At Mount Edgecumbe, the observatory’s research indicated that magma is rising to about 6 miles from a depth of about 12 miles and has caused earthquakes and significant surface deformation.

The research team began surveying the area after several earthquakes were observed at Mount Edgecumbe on April 11, according to the article. Using satellite radar data, researchers were able to analyze the previous 7 and a half years of ground deformation. Four days after beginning their research, the observatory team determined that an intrusion of new magma in the area was the cause for the sudden cluster of earthquakes. Grapenthin said the earthquakes have since subsided.

“There was a swarm of activity for a few days, releasing stresses in the crust that had built up as the magma below lifts up the ground,” Grapenthin said. “This was the second such swarm. In early 2020 there was a similar one that started with a larger earthquake and then subsided over a few weeks. Before that, we couldn’t find any larger earthquakes going back to 1990.”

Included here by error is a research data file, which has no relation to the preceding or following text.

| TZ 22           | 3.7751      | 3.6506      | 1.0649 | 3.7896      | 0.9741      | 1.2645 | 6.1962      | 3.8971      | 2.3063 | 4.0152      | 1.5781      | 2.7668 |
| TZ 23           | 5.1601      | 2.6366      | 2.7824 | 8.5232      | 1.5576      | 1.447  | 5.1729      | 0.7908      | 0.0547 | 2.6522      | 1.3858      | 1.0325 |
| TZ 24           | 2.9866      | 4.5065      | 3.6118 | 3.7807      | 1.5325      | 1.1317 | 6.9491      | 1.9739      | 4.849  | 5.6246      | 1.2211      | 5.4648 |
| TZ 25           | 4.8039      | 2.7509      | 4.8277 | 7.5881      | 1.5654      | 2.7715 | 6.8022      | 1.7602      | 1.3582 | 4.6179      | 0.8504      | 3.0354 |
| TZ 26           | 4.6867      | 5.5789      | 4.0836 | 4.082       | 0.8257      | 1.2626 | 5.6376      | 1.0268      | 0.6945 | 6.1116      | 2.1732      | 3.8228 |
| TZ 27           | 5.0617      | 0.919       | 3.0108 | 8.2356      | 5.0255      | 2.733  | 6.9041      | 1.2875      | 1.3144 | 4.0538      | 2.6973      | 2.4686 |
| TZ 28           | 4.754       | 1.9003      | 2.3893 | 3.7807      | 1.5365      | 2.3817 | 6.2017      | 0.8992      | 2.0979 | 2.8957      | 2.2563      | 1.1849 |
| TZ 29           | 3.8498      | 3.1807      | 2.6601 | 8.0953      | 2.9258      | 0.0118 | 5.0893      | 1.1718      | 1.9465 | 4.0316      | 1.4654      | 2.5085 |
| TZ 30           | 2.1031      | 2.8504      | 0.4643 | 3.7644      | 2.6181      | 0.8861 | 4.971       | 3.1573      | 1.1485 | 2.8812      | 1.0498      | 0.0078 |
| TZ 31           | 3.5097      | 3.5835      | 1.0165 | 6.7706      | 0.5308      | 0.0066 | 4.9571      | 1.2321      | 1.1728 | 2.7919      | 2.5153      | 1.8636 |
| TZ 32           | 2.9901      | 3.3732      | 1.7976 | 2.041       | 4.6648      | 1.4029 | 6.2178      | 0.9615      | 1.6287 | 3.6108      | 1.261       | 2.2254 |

Grapenthin said that while an eruption is not imminent, currently there is no evidence of the magma rise slowing down.

“It’s difficult to project into the future, because we’d need to know better what the ground surrounding the magma is made of: is the magma any lighter than the surrounding material, then it might want to rise further — similar to how lava lamps work, if not, it may just stay where it is,” Grapenthin said. “If it would rise further, it’s pooling beneath some stronger rocks — is it strong or weak, that means what stresses can it withstand before the magma would break through – and how far would it rise then? Any further rise would create seismicity and a change in surface uplift, which we can now track. We would expect to see clear signs of change in activity.”

• Contact reporter Jonson Kuhn at